It’s the 24th of July. I know, it doesn’t seem like anything but another day of the month, but here in Utah it’s a big deal. I’ve got friend from all over the world and I can confidently say that not a lot of people are aware of the fact that the early members of the Church of Jesus Christ of Latter-day Saints were severely prosecuted for being part of what is essentially a Christian sect different from Protestant, Presbyterian, or Baptist.
After being pushed from their homes repeatedly, having an extermination order put into place by the Missouri governor calling for all Mormons to be killed, and then having the first prophet of the Church brutally murdered the early Saints decided to head west. Out of the (then) borders of the United States. There’s your history in a nutshell.
July 24th is a big deal because after being persecuted over religion for so long, the early Mormons became pioneers and they came to the Salt Lake Valley where they settled. That’s what is celebrated in Utah on this day. Religious freedom and the ability to live without fear of someone signing an extermination order (although there was something similar to that with Buchanan’s Blunder in the 1850s).
If you’ve never seen it, in Salt Lake there is an amazing building called the Salt Lake Temple. A lot of people know it’s a tourist destination in Utah, but what they usually don’t know is the purpose of that building, so here it is: the temple is what members of the Church believe is literally the House of God. You know the tabernacle the Israelites had in the Old Testament? Yeah, pretty much a modern day version of that. We don’t have the Ark of the Covenant housed in the temple, but we have sacred ordinances that we take part of there.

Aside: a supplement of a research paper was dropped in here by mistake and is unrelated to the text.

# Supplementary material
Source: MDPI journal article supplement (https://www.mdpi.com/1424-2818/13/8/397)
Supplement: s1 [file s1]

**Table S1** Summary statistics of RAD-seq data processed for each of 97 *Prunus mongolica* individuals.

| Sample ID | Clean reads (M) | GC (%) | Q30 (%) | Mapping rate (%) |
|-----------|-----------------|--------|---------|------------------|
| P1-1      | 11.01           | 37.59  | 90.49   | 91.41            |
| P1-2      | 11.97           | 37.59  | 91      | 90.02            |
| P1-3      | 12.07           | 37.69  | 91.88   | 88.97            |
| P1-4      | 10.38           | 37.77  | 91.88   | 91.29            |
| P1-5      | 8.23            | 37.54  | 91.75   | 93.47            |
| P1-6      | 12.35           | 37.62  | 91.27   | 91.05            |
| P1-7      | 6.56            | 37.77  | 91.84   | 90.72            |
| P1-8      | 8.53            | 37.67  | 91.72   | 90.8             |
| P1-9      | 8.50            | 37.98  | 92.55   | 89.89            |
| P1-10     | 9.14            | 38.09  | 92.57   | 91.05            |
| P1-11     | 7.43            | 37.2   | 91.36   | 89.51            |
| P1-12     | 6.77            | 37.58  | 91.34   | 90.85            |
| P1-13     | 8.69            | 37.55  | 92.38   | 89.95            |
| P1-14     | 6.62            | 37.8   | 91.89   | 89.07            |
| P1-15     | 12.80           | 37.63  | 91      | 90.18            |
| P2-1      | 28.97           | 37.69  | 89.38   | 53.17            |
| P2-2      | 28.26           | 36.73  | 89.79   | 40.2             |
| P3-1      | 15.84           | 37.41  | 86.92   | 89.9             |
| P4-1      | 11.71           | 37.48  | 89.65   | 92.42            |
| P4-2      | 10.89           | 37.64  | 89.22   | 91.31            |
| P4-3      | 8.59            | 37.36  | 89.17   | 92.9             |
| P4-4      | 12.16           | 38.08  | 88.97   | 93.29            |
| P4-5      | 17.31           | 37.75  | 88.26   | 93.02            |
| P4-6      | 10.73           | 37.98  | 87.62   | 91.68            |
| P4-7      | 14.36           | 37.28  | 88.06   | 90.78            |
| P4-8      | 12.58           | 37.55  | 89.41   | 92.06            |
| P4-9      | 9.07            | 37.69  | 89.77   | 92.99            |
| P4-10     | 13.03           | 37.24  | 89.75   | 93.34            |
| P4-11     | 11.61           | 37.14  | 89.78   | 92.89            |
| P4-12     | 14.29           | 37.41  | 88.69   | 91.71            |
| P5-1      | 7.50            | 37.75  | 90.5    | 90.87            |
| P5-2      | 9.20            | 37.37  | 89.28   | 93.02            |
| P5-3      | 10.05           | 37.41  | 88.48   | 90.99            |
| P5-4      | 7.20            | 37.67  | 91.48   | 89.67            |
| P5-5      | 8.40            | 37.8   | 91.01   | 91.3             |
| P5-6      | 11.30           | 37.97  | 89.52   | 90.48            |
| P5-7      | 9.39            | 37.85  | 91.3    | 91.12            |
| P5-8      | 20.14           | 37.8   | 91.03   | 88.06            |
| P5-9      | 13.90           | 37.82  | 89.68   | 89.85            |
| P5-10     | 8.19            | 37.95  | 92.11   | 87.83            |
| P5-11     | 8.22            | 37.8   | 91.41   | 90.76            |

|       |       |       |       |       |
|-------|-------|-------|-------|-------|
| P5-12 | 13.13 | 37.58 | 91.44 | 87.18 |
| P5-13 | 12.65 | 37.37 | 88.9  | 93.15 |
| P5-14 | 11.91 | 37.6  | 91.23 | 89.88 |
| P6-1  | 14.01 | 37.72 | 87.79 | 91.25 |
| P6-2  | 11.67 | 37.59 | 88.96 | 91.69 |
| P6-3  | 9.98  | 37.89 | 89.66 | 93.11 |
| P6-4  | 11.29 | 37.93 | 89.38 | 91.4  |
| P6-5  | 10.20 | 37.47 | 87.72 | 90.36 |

When you go to the temple there is a feeling of peace and serenity, calmness and a feeling of unity with God. It’s amazing. It’s a sensation you want to follow you to your own home. And honestly, it can. You can make your home a comfortable place to live that invites the Spirit of God. There’s a verse in Mormon scripture that gives an awesome outline for what you need to do:
Organize yourselves; prepare every needful thing; and establish a house, even a house of prayer, a house of fasting, a house of faith, a house of learning, a house of glory, a house of order, a house of God;
Doctrine and Covenants 88:119
Organization can be hard. For me it’s nearly impossible with my five small children running around like crazy heathens. But it can happen. That scripture I just shared has an amazing hidden gem that tells you exactly what you need for organization and order: prepare every needful thing. Do you really need dozens of bottles of shampoo you may never use? Do you really need to buy your kids 12 new toys when they don’t play with the 48 toys they have at home? Do you really need a new book when you already have a bookcase at home filled with unread materials?
I’ve been on and off again practicing minimalism. I know there’s this general idea that it means you have so little that you can literally live out of a suitcase, but really minimalism is appreciating the material things you already have and not buying more than what you need. It’s almost an abstract way of thinking in our overly materialistic world. For a while people seemed to jump on the minimalism train when Marie Kondo published her book “the Life-Changing Magic of Tidying Up”. That book is actually what I use and recommend.
Minimalism, order, organization, decluttering, and learning to appreciate and use our material things to their full potential will help us in so many ways. I know it can help with “mental clutter”, it can help you feel less overwhelmed with your home, it can help prevent overusing materials that are limited in the world by reducing supply and demand. It’s kind of like an unexpected jack of all trades.
I’m going to be going through “the Life-Changing Magic of Tidying Up” on this blog. You can check out posts related to minimalism and organization every Monday so you can see what I’m going to be doing every week and try it out yourself.